The race to head the Cherokee Nation isn’t typically a contest favorable to the use of more traditional campaign techniques—new media, direct mail and phones. So the question for our team upon deciding to take on the challenge of unseating a 12-year incumbent this past year was whether modern campaign tactics could work in a storied and somewhat closed political culture.

The short answer is yes. But it meant breaking 30 years of tight control from an insular group, spending hundreds of thousands of dollars, and nine months of focus on a project undertaken on a whim.

The goal was to unseat Cherokee Nation Chief Chad Smith, who was running for another term as head of America’s largest Native American tribe. We knew from the start that it would be no easy task. Smith was an attractive, charismatic politician who understood how to use the mechanism and resources of government to completely control the Cherokee Nation—and to maintain a stranglehold on the tribe’s election process. Previous races against the chief ended in lopsided losses as vendors and insiders contributed the $5,000 max to the incumbent and challengers were left with no avenue for contributions. 

The imbalance was easy to understand. As chief, Smith named the tribe’s Supreme Court, the election commission, the attorney general, the secretary of state and the treasurer. The Nation’s Council of the tribe must approve the appointments, but Smith had long ago gained control of that body. In his position, he single-handedly controlled an annual budget approaching $1 billion, nine casinos and a myriad of businesses. Arguably, chief of the Cherokee Nation is a better job than Oklahoma governor.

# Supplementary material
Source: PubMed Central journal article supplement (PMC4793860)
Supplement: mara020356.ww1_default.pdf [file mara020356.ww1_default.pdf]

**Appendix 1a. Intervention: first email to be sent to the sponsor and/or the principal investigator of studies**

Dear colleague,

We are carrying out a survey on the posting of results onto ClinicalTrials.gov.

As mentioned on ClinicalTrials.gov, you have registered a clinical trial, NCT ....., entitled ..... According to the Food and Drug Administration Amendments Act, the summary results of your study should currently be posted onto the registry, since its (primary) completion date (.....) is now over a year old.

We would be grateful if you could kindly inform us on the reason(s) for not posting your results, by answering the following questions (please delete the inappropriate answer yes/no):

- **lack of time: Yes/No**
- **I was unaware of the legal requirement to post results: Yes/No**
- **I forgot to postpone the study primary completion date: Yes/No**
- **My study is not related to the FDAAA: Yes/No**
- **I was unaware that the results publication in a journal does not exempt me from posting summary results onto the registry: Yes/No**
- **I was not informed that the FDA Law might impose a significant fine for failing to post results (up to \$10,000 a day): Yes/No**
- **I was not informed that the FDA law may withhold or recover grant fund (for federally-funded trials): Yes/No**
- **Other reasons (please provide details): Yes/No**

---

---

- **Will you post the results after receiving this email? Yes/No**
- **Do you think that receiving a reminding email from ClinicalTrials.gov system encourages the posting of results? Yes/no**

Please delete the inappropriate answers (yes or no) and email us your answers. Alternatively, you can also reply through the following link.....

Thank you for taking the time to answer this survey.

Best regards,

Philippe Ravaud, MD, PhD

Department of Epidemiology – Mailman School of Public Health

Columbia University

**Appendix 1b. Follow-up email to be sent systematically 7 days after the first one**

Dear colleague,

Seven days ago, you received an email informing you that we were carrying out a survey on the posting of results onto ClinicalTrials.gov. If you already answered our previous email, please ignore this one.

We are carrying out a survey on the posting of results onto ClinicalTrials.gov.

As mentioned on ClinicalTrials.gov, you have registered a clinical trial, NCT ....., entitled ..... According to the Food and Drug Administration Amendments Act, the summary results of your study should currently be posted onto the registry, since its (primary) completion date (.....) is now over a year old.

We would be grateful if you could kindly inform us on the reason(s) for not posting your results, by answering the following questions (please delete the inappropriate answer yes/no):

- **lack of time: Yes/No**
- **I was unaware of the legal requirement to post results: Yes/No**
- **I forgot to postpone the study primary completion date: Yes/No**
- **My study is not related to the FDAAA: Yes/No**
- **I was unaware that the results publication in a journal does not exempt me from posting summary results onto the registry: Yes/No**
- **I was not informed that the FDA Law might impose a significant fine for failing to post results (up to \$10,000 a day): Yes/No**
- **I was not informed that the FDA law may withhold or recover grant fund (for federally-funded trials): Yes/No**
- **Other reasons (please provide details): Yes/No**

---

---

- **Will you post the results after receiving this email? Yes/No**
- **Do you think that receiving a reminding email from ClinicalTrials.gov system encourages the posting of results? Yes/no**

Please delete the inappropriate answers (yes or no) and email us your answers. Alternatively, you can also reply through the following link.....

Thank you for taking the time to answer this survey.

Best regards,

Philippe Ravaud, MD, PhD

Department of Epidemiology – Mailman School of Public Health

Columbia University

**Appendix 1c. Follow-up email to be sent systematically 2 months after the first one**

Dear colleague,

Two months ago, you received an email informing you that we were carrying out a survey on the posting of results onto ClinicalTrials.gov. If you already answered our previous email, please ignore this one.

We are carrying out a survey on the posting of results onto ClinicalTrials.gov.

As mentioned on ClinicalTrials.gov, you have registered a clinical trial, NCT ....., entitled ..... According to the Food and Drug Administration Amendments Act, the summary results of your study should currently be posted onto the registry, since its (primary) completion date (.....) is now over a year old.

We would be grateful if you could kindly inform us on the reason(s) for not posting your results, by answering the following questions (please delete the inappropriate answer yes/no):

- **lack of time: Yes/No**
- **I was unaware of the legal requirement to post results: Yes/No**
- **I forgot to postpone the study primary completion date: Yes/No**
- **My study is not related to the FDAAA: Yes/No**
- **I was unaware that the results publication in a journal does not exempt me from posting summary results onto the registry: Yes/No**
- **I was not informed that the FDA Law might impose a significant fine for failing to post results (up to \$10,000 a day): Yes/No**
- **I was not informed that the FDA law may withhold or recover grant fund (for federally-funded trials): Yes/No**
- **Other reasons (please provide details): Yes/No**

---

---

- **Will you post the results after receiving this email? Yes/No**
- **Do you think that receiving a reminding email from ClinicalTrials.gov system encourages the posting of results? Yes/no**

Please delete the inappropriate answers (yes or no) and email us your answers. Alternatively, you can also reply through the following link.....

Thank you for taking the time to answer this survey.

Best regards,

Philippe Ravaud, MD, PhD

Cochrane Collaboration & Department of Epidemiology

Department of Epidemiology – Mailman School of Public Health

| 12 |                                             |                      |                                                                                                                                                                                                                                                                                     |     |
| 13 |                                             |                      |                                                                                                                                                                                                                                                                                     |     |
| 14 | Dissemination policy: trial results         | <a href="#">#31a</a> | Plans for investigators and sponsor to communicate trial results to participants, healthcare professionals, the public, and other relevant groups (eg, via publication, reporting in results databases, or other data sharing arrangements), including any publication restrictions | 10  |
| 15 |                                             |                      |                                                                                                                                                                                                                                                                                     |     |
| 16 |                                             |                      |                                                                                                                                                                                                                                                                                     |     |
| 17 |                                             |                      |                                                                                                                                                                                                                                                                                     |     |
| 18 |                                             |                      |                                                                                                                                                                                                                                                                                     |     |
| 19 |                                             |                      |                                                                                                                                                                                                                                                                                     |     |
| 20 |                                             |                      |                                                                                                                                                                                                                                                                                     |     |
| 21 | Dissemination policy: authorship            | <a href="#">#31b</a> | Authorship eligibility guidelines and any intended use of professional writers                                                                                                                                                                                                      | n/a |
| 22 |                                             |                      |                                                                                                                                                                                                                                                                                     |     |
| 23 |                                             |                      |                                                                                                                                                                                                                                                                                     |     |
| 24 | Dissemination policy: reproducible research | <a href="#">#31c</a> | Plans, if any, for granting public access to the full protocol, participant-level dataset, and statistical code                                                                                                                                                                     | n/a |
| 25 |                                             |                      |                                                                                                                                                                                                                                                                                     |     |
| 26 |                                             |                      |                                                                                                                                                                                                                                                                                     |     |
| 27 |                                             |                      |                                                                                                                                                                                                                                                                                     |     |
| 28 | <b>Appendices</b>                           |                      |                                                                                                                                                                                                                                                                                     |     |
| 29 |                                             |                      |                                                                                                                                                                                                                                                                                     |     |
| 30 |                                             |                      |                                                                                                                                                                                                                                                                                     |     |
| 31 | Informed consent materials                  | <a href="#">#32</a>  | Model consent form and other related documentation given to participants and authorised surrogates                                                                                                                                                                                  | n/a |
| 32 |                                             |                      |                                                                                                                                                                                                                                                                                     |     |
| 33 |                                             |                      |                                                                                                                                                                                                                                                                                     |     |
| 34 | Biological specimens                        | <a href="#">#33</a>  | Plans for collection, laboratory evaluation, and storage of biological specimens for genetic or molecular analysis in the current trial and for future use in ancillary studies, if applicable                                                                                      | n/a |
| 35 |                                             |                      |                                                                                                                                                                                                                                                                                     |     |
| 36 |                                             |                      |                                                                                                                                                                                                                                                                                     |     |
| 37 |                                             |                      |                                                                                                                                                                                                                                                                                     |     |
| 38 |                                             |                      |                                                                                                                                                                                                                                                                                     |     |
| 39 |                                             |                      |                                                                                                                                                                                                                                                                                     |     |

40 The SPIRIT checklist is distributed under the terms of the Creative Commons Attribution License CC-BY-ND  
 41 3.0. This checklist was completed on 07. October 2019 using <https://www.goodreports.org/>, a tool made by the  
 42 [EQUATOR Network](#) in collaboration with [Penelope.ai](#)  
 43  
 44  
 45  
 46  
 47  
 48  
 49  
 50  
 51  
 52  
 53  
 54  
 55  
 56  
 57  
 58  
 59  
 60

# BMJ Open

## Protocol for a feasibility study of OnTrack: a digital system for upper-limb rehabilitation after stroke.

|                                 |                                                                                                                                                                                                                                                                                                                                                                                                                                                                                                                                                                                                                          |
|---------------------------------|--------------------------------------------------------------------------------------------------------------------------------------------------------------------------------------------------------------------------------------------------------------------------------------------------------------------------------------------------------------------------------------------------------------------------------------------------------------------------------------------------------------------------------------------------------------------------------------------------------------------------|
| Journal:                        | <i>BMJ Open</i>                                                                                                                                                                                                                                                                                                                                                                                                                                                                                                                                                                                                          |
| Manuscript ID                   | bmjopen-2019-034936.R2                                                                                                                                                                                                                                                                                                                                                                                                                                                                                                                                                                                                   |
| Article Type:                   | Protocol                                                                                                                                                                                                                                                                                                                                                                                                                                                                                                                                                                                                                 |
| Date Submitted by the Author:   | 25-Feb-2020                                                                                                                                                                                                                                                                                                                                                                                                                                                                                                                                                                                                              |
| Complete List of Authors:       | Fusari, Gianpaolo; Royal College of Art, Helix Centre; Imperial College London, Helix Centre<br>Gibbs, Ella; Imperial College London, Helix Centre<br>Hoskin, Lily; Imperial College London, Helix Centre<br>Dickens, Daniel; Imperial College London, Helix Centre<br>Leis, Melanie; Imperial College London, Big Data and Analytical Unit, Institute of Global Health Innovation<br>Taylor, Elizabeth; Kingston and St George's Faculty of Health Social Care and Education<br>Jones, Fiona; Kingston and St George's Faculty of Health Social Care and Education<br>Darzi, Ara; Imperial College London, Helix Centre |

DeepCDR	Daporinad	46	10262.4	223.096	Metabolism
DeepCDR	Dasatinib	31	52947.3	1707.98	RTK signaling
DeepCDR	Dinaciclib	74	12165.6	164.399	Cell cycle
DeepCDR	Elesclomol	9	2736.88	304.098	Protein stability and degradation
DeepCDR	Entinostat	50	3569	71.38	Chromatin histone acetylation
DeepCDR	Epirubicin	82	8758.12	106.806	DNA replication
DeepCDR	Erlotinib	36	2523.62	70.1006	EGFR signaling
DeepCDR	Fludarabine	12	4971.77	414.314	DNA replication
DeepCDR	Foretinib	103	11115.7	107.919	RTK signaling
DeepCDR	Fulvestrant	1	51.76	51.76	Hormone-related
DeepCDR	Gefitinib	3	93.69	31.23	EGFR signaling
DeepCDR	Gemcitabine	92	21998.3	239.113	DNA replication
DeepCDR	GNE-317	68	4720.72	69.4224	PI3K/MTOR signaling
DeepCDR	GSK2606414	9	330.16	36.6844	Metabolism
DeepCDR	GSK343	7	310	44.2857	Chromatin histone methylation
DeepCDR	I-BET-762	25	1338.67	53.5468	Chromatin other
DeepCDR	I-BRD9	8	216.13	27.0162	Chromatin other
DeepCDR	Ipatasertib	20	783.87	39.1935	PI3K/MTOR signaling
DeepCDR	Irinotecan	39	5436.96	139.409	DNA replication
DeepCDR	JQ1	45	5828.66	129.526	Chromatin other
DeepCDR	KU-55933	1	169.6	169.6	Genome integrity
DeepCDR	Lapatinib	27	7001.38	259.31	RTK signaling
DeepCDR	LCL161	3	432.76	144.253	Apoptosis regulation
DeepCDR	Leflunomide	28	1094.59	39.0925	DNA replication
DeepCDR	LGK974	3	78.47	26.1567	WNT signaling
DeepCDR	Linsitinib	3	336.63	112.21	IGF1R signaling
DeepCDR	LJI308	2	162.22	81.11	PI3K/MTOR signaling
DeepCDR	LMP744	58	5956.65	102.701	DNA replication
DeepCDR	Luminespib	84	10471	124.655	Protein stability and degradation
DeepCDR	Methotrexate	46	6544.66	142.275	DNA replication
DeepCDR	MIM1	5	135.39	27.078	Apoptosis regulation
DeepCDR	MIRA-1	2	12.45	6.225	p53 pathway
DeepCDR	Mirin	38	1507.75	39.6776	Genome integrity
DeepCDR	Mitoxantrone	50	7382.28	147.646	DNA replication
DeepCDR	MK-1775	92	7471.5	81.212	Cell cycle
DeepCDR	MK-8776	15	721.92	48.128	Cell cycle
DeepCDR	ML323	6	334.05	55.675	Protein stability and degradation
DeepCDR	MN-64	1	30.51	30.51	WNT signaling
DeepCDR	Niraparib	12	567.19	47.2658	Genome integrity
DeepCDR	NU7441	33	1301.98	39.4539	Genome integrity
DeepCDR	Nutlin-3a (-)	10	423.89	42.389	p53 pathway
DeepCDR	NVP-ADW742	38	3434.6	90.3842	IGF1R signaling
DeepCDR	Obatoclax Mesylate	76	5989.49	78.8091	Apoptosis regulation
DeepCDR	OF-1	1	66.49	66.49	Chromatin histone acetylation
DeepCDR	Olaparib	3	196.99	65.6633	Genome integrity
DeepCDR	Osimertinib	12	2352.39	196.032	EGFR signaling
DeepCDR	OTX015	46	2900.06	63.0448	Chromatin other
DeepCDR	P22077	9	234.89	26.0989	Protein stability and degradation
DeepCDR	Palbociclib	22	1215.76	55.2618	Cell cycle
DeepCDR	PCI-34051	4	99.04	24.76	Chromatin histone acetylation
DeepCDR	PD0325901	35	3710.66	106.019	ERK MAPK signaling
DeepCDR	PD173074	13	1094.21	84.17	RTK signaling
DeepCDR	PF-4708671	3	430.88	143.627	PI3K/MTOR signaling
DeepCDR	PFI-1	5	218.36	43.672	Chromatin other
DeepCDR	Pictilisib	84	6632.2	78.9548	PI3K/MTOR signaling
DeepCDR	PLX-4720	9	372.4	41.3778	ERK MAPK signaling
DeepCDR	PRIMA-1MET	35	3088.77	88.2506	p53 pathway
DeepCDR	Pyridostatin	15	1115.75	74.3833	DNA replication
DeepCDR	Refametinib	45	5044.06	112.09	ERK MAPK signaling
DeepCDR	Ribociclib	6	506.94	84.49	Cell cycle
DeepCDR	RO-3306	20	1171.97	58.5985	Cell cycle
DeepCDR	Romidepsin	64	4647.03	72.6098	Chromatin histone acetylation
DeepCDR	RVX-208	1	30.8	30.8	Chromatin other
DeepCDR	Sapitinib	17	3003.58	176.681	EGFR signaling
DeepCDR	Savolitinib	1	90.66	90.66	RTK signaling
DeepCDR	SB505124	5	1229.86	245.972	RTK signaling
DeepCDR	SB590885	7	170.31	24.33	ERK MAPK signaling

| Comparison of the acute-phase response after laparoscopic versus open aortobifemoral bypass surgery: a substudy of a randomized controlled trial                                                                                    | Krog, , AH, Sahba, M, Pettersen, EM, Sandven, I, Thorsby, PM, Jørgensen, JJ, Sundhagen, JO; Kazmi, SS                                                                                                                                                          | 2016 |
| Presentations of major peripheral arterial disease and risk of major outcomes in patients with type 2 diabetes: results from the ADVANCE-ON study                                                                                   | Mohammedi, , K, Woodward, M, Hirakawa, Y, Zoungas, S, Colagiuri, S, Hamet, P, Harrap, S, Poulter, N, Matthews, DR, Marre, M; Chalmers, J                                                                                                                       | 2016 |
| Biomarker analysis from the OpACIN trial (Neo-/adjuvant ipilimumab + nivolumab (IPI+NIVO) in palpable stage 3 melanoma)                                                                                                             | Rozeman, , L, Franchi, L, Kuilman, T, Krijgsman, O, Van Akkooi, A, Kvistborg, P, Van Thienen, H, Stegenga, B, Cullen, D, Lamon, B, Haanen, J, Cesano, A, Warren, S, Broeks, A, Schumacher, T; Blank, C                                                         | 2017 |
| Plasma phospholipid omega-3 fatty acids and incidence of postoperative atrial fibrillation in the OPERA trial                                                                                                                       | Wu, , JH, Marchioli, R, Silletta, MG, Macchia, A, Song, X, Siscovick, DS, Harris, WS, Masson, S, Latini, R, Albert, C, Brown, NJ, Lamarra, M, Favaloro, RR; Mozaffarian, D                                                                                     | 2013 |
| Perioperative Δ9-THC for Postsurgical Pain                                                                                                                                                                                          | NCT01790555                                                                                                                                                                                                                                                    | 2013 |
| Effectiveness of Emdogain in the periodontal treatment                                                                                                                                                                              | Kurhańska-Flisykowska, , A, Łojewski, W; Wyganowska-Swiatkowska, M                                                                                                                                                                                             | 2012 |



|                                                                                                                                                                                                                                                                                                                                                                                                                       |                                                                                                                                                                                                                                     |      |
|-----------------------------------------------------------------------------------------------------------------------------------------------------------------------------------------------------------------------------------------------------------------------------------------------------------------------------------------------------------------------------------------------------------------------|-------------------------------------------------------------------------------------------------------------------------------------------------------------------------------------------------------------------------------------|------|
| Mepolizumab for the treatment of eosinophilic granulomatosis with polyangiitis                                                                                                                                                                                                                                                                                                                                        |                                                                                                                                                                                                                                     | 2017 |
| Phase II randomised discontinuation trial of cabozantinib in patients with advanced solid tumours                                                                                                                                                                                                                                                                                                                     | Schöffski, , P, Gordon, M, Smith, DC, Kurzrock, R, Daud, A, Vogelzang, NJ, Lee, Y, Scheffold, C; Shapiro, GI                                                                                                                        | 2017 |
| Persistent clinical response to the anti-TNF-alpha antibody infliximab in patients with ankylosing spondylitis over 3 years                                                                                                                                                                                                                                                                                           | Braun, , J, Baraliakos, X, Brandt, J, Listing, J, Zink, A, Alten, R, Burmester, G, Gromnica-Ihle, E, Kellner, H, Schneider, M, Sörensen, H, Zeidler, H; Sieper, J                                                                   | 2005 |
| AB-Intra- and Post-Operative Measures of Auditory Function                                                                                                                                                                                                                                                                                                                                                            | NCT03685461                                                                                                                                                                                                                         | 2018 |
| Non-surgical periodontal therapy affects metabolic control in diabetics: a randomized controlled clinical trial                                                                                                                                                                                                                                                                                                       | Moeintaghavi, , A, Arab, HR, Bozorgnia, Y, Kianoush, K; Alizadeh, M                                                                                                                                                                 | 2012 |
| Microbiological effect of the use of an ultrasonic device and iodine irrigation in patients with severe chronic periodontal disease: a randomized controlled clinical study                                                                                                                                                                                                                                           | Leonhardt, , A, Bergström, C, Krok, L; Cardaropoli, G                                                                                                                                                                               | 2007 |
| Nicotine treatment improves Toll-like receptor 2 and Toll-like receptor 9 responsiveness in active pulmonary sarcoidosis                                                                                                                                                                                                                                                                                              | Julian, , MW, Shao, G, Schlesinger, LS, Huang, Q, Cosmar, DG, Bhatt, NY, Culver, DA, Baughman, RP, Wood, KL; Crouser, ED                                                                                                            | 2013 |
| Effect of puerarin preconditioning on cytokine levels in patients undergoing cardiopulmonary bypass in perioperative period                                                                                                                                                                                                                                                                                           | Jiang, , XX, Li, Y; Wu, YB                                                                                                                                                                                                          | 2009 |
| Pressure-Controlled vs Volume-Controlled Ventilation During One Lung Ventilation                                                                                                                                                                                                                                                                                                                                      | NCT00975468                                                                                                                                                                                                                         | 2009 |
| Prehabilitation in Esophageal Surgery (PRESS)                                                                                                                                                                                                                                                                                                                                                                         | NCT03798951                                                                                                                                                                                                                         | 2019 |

But this past year, it was a two-term Cherokee councilman named Bill John Baker who decided to take on Smith. He had the ability to self-fund—to the tune of about $200,000—making him the first serious opponent Smith had faced. And the initial decision to assemble a full campaign team proved critical.

Baker had a friend in one-time Oklahoma congressional hopeful Kalyn Free. EMILY’s List had previously backed Free as a challenger to Rep. Dan Boren. She agreed to help Baker and phoned me. We decided to bring on John Jameson of Winning Connections to handle phones and Merv Wampold of Wampold Strategies to develop a direct mail program. Carey Crantford—a pollster out of South Carolina—had experience working with Native American tribes, so we hired him to run a baseline poll. I handled communication and strategy.  A rising star named Jonathan Levy was the manager. 

Now, I’m a media consultant but buying TV made absolutely no sense from a strategic point of view. In addition to phones and mail, we figured some new media and radio could also work given the environment. Underpinning our game plan was the fact that Baker is smart as a whip and he proved to be one of the few clients I’ve had in my 25 years who completely placed the strategy in the hands of his consultants.  He did not second guess us once.